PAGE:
## Re: [PrimeNumbers] Problem that should be solvable requiring scientific approach

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• There is a different problem of this ilk that I didn t quite finish solving and is easier than the one presented. I was able to find the first prime that
Message 1 of 11 , Aug 6, 2011
There is a different problem of this ilk that I didn't quite finish solving and is easier than the one presented. I was able to find the first prime that translates as prime in 9/10 cases from lower to higher base for higher no more than 6, but could not go all the way. I think this mention is more apt to result in somebody solving than the problem nominally under discussion.
Jim

On Sat Aug 6th, 2011 8:00 PM EDT Jack Brennen wrote:

>Is this what you are talking about?
>
> http://www.primepuzzles.net/puzzles/puzz_024.htm
>
>
>If so, as you can see, that was solved 10 years ago. :)
>
>
>
>On 8/6/2011 4:07 PM, James Merickel wrote:
>> This is one I worked on a little and will likely attack again in the reasonably near future if nobody else resolves it. I cannot guarantee that the very best programming will give an answer in a short enough time, but I can say with some certainty that being too casual won't. The problem is to find the first prime that translates by digital substitution from base 9 to base 10 as a prime, then the new number from base 8 to base 10 as a prime, and so on until a base 2 to base 10 translation yields a prime. To do this optimally requires a great deal of care with trial divisions. I believe I generated a few good through base 4 to base 10 by using a little but not much care, over a period of weeks.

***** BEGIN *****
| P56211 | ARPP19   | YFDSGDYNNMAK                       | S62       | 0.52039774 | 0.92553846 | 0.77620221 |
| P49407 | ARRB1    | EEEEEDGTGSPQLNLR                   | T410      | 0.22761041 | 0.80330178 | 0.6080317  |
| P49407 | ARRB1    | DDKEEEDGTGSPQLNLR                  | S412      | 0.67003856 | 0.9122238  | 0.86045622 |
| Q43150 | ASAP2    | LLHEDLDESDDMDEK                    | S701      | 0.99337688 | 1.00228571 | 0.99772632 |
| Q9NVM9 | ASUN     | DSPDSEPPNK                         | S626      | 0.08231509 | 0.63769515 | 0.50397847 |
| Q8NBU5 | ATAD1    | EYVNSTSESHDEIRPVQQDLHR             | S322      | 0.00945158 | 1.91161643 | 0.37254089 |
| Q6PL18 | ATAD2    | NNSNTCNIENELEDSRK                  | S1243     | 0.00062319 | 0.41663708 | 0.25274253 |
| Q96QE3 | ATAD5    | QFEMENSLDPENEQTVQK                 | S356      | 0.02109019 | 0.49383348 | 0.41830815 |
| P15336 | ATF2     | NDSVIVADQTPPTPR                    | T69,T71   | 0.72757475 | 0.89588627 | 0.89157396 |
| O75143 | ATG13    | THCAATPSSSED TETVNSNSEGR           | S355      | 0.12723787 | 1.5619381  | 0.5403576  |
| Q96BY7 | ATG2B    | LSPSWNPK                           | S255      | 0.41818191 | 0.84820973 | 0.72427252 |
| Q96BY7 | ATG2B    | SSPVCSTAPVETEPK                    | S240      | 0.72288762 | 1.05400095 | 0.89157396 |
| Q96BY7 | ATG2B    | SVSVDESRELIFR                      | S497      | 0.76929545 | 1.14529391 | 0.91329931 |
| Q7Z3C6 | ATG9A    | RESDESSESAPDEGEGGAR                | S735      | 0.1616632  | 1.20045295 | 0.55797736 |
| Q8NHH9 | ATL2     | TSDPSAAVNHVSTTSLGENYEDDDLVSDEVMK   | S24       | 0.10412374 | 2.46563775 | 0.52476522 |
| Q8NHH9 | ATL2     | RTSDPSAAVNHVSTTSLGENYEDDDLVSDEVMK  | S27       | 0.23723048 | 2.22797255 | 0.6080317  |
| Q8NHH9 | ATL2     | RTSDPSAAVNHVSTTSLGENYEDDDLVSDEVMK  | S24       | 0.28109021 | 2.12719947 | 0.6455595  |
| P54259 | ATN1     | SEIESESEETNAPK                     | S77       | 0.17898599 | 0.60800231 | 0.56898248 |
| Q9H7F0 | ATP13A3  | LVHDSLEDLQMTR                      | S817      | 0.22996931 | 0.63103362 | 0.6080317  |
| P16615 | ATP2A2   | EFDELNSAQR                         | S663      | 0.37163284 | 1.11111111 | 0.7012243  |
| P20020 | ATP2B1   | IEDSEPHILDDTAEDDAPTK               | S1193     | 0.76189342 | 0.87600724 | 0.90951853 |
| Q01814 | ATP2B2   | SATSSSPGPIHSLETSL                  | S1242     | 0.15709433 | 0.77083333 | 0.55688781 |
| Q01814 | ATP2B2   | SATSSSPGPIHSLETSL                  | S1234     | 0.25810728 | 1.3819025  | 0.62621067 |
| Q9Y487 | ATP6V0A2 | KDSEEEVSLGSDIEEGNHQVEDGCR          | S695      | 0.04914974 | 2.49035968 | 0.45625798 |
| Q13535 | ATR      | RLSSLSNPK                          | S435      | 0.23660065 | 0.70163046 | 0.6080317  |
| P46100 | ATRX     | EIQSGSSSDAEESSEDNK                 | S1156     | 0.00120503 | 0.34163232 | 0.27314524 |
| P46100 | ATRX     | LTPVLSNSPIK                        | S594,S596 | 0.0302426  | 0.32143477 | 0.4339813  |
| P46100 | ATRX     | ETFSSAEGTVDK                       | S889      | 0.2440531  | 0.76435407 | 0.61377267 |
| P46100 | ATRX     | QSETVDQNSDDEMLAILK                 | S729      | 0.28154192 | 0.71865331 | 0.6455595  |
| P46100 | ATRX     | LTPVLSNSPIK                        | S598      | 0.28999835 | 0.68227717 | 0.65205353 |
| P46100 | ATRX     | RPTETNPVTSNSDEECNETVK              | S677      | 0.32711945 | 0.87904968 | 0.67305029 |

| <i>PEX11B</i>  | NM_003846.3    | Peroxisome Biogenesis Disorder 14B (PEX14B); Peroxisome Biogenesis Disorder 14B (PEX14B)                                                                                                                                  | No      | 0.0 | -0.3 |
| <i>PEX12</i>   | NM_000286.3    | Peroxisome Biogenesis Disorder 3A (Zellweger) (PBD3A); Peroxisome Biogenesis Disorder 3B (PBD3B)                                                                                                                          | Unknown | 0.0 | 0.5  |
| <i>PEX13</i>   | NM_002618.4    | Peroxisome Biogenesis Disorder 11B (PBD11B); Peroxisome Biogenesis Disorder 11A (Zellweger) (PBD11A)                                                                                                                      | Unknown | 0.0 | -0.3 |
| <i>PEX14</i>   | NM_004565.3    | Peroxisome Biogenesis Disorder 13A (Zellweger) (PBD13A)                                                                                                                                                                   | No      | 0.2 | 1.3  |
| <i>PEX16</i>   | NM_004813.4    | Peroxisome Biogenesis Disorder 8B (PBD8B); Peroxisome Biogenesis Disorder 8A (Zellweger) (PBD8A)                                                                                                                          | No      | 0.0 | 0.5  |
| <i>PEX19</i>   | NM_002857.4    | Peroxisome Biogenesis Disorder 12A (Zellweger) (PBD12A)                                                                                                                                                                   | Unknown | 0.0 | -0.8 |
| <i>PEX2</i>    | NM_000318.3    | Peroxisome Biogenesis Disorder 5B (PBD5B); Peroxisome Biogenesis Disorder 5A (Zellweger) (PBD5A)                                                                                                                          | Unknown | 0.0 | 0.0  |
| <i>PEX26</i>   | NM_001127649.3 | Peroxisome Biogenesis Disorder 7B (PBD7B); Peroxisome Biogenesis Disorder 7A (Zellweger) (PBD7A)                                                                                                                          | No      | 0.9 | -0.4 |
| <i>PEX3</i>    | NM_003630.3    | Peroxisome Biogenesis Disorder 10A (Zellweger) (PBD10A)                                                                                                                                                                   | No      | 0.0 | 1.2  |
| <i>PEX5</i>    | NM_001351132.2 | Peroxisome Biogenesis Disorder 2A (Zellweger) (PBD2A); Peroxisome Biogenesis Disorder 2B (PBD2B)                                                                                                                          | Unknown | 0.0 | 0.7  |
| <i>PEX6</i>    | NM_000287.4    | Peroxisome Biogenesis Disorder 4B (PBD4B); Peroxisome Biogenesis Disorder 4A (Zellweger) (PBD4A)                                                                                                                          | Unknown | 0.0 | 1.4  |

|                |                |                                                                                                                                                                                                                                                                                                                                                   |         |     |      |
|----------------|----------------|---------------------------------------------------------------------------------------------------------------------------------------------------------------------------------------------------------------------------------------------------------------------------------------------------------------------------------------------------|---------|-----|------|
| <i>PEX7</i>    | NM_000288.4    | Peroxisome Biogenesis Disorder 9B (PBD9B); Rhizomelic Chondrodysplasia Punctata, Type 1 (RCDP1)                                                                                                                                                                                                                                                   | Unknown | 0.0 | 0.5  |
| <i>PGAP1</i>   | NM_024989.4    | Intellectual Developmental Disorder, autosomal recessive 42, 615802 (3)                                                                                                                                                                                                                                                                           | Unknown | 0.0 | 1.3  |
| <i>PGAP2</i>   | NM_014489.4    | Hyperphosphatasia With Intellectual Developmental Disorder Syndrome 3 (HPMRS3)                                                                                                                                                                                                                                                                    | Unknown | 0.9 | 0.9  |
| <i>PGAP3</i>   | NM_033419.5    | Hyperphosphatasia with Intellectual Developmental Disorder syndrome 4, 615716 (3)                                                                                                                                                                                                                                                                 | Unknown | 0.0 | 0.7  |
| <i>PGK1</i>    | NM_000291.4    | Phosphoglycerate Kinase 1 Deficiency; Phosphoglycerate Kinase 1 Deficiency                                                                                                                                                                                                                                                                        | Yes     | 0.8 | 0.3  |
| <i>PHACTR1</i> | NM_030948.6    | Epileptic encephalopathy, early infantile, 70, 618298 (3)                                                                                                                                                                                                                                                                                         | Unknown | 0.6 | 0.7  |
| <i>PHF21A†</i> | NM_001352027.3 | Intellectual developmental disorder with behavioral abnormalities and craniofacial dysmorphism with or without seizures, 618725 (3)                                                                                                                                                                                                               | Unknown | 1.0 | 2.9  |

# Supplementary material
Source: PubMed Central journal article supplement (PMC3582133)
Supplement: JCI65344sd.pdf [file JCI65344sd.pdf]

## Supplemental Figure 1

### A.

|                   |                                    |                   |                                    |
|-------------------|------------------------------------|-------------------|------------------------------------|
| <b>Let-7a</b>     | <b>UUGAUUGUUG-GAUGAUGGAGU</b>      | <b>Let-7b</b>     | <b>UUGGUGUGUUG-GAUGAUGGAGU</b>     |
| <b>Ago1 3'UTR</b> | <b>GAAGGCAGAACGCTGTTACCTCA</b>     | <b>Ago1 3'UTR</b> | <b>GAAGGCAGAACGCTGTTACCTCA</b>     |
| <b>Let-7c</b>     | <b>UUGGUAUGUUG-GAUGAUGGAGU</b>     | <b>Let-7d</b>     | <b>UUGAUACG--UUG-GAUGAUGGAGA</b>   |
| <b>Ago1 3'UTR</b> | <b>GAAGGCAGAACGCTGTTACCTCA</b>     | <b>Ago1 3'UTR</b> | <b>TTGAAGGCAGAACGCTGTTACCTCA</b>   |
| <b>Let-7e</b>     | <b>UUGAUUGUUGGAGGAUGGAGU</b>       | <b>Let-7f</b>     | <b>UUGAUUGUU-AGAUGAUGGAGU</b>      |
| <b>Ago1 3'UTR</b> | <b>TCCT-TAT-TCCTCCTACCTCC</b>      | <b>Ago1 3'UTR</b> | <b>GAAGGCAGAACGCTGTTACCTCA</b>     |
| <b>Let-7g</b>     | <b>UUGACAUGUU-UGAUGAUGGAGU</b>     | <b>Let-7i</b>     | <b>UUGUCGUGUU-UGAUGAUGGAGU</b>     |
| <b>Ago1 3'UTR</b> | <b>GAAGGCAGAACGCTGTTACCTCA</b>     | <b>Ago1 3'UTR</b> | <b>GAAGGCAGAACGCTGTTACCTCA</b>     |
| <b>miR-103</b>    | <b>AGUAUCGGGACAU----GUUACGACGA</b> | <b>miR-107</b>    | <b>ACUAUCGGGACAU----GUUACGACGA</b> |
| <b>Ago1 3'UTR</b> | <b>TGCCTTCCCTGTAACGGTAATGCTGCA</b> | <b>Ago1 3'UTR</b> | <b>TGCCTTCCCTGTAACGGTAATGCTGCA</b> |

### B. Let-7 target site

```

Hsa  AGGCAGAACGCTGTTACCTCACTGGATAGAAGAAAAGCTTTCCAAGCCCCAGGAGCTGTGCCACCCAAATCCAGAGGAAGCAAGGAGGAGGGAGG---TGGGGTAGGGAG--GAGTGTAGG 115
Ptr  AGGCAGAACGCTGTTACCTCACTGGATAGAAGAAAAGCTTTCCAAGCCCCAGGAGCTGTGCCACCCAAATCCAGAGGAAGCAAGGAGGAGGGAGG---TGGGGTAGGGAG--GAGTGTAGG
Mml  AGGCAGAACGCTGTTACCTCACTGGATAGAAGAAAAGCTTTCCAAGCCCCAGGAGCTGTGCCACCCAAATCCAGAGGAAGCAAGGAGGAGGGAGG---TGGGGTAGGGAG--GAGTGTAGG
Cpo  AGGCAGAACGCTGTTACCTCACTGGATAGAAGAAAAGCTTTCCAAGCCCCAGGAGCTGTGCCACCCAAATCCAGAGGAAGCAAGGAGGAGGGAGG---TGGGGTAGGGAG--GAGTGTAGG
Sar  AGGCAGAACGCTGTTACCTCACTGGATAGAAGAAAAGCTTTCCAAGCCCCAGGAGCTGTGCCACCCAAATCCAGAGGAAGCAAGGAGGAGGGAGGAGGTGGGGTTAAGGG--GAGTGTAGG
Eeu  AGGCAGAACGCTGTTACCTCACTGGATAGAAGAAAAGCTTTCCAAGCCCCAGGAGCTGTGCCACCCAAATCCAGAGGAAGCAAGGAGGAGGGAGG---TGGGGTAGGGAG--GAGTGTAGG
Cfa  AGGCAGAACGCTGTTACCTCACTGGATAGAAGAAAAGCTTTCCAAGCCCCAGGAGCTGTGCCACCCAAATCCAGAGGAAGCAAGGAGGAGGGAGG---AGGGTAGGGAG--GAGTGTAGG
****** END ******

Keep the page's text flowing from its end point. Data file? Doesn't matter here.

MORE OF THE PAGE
>> Jim
>>
>>
>> ------------------------------------
>>
>> Unsubscribe by an email to: primenumbers-unsubscribe@yahoogroups.com
>> The Prime Pages : http://www.primepages.org/
>>
>>
>>
>>
>>
>>
>
• Okay, then I m not following exactly the pattern that you re suggesting... An example would probably do a lot of good. For instance, start with the number
Message 2 of 11 , Aug 6, 2011
Okay, then I'm not following exactly the pattern that you're suggesting...
An example would probably do a lot of good. For instance, start with
the number 50006393431, and show where you go from there.

Or does that not even work, because it's not a valid base-9 number
because of the 9 digit?

On 8/6/2011 5:08 PM, James Merickel wrote:
> No. That is a different, much easier problem. The required number need not be prime in translation from bases 2 through 8 to base 10. It is sequential, rather than simultaneous, primality, and the reason for going down from 9 instead of up from 2 is to have intermediates more likely to be prime at smaller numbers and the end result be smaller. I expect the opposite order is probably unmanageable.
> Jim
>
> On Sat Aug 6th, 2011 8:00 PM EDT Jack Brennen wrote:
>
>> Is this what you are talking about?
>>
>> http://www.primepuzzles.net/puzzles/puzz_024.htm